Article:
Airport Security Concerns Over Employee Entry Points

By Grant Stinchfield
|  Wednesday, Dec 22, 2010  |  Updated 12:03 AM CDT
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Some say a security violation at the airport demonstrates a weak point at its employee entrances.

Grant Stinchfield, NBCDFW.com

Some say a security violation at the airport demonstrates a weak point at its employee entrances.

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An aviation security consultant says a security violation at Dallas/Fort Worth International Airport demonstrates a weak point at its employee entrances.

A Transportation Security Administration agent allegedly carried a passenger's rifle through an employee entry point on Nov. 21.

According to the police report, the TSA agent said the passenger wanted to check the rifle, but the oversized luggage screening room was closed.

The agent said he was, "just trying to get the weapon inside its locked case processed so it would be on the same flight as its owner," the report states.

The TSA declined to discuss the case.

Airport spokesman David Magana said the agent could have been arrested, but police determined the violation was a "training issue, not criminal in nature."

"While we understand he was trying to provide customer service to the passenger, you have to do it in the right way, obviously," he said.

Magana said DFW Airport police have investigated 61 reports of such "portal violations."

Many of the more than 60,000 employees who work at the airport enter secure areas without passing through a metal detector or body scanner. Those who do have undergone in-depth background checks and a vetting process. Magana said the vetted workers are "a trusted part of the security system."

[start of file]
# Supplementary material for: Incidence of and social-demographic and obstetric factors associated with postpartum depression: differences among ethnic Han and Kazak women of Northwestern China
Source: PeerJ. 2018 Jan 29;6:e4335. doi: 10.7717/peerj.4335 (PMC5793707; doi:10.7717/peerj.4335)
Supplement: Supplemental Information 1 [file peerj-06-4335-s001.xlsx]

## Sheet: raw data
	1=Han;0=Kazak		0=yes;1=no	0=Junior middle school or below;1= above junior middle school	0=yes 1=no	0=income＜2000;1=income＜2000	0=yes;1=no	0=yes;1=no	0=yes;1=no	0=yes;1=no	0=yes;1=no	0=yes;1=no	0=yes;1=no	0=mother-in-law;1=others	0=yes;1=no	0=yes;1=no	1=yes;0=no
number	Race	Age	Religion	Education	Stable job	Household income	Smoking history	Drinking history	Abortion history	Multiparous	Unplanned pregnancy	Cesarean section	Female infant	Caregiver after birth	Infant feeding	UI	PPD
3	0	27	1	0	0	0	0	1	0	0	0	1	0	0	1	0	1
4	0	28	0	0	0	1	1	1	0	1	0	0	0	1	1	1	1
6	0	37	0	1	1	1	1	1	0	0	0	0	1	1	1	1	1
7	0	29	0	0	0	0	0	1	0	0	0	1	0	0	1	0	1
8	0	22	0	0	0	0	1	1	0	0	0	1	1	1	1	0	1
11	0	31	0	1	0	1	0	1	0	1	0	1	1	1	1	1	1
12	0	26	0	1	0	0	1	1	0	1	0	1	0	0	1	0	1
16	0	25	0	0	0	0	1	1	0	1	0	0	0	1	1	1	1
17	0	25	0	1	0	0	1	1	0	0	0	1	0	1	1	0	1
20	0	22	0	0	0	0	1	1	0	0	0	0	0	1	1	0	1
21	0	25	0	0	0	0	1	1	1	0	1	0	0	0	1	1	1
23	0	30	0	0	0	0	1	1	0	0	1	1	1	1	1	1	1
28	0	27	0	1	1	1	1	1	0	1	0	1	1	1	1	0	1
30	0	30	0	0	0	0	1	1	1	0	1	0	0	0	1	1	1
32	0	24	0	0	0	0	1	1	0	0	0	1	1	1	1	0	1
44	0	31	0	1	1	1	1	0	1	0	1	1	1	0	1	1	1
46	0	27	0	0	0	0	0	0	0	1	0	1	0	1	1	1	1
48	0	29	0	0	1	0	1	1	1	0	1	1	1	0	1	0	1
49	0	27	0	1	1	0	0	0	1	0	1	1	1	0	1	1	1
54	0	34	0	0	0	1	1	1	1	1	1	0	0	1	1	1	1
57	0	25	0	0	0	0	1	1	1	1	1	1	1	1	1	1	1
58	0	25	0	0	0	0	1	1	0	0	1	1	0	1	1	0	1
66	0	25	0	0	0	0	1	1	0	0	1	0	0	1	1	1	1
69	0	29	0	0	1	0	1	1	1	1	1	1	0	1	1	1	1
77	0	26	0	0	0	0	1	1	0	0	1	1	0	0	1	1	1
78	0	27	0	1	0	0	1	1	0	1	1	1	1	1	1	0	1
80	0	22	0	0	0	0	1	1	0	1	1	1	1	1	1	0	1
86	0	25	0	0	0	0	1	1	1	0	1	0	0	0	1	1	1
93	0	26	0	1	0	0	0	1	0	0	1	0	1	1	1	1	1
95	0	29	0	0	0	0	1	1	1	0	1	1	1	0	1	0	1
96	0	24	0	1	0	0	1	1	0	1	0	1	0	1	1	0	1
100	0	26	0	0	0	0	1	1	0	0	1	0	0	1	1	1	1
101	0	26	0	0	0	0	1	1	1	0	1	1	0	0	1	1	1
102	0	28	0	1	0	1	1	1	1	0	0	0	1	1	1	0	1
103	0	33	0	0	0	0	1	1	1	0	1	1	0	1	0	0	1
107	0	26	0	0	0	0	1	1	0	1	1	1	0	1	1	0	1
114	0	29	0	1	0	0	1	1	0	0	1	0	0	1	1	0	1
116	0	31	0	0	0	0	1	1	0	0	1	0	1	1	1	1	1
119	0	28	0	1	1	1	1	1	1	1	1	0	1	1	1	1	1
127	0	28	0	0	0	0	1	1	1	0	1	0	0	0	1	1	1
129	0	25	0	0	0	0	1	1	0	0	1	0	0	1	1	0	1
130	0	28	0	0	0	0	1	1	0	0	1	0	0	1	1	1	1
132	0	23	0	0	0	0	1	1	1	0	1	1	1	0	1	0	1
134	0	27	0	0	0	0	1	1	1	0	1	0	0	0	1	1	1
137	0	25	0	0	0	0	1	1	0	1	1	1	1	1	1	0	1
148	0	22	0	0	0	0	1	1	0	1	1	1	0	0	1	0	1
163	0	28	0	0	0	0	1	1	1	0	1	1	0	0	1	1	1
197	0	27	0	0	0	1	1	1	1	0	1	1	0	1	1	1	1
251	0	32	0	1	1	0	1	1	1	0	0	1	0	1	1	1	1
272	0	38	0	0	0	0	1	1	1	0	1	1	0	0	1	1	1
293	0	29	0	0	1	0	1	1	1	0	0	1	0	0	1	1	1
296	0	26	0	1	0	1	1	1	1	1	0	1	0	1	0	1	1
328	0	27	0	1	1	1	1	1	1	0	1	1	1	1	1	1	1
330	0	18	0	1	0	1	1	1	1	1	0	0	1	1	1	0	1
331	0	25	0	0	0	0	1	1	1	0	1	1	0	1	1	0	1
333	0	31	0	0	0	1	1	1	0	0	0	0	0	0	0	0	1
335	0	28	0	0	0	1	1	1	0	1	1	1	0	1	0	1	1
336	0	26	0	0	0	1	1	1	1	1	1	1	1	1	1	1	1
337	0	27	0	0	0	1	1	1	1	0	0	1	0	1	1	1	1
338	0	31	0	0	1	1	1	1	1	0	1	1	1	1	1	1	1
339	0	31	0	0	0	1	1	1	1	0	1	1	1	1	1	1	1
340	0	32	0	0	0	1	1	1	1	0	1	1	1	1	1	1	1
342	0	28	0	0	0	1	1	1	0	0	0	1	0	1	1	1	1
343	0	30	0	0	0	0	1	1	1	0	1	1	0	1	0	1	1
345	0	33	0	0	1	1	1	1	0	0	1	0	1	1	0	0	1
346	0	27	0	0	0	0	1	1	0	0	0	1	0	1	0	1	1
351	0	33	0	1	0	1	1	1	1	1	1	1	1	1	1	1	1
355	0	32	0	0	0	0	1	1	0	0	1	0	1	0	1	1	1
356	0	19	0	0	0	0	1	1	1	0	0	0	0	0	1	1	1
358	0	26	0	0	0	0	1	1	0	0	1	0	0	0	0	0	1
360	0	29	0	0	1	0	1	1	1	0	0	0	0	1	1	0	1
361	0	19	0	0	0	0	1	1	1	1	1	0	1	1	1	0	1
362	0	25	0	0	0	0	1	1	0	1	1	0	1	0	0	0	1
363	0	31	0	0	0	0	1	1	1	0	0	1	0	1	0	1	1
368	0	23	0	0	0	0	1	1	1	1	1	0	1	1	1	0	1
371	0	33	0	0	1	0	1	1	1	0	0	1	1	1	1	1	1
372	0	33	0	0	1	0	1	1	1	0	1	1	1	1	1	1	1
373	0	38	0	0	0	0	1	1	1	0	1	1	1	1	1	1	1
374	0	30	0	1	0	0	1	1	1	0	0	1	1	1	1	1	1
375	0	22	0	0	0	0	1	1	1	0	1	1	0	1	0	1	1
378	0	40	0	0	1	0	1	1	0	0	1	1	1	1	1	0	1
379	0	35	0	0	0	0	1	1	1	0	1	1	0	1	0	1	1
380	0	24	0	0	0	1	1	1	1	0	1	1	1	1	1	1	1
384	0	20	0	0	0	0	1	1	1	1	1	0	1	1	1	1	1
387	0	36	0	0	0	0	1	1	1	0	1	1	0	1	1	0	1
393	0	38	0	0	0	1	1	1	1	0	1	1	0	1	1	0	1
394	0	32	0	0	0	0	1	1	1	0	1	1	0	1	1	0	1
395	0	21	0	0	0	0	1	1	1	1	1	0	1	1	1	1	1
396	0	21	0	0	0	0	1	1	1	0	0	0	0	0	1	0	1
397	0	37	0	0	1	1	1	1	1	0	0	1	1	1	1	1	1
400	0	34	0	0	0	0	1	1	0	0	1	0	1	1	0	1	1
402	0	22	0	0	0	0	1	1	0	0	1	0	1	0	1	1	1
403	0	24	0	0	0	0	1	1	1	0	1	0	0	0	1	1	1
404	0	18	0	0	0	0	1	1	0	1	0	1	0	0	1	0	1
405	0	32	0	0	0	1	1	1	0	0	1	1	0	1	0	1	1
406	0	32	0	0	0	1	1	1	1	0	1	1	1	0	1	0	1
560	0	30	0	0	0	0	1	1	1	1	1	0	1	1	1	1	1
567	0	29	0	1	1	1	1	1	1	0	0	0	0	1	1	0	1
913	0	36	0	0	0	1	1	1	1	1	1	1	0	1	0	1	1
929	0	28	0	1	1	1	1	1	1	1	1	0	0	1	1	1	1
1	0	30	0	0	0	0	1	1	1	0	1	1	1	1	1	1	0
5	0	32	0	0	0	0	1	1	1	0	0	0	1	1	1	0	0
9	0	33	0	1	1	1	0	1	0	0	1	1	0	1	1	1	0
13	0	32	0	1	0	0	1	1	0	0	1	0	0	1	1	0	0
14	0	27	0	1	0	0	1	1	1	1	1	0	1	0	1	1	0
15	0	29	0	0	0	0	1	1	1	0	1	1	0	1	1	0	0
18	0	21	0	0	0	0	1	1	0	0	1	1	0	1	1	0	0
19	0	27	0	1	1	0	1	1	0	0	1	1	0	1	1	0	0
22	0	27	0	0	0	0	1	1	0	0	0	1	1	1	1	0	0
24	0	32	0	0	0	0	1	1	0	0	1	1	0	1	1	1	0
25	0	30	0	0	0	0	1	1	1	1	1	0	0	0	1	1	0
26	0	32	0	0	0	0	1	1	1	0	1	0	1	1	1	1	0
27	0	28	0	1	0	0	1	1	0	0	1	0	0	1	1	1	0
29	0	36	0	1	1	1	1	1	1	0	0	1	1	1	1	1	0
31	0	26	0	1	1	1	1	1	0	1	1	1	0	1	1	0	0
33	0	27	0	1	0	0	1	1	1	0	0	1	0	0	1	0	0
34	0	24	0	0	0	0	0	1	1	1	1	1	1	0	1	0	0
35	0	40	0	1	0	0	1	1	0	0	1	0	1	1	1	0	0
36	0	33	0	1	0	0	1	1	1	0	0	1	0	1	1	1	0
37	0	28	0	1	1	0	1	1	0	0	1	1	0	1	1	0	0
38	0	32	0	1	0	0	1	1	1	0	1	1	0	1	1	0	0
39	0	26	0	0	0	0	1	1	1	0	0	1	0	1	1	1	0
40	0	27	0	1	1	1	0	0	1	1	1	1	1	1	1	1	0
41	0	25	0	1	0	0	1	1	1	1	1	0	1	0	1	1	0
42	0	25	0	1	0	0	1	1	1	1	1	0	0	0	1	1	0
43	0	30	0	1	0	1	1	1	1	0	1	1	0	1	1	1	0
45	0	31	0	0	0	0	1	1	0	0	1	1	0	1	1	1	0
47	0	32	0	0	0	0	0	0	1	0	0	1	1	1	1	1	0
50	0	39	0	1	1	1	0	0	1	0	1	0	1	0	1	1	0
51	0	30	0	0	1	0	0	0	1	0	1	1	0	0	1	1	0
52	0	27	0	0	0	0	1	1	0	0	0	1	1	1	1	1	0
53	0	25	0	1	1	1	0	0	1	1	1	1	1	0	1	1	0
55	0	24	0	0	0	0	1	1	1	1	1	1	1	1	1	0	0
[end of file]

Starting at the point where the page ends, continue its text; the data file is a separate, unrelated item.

Their badges allow them to pass through unguarded employee entry points that lead directly into the terminals.

"There is a strict protocol around those employee portals," Magana said.

He said the entry points are equipped with constantly monitored cameras that are constantly monitored.

Two TSA agents who asked not to be identified said the violation by their fellow agent calls needed attention to flaws in security at the portals.

Aviation security consultant Denny Kelly said he agreed.

"You can open the door with your badge and hold the door open, and people go in," he said. "It's just that simple."

Kelly said that a human does not man the doors, they should have a process that only allows one employee to enter at a time.

He recommended using a locked-chamber process similar to the ones used in prisons. The employee would walk into the chamber, and the door would lock behind them before the door into the terminal can open.

"There should very well be some type of check that the people go through one at a time, and the people have the right documentation and badge," Kelly said.

Airport workers could be seen lining up to use the employee portals at the airport. No one checked the person behind him or her.

The TSA said that how it handles security is "not up for discussion."

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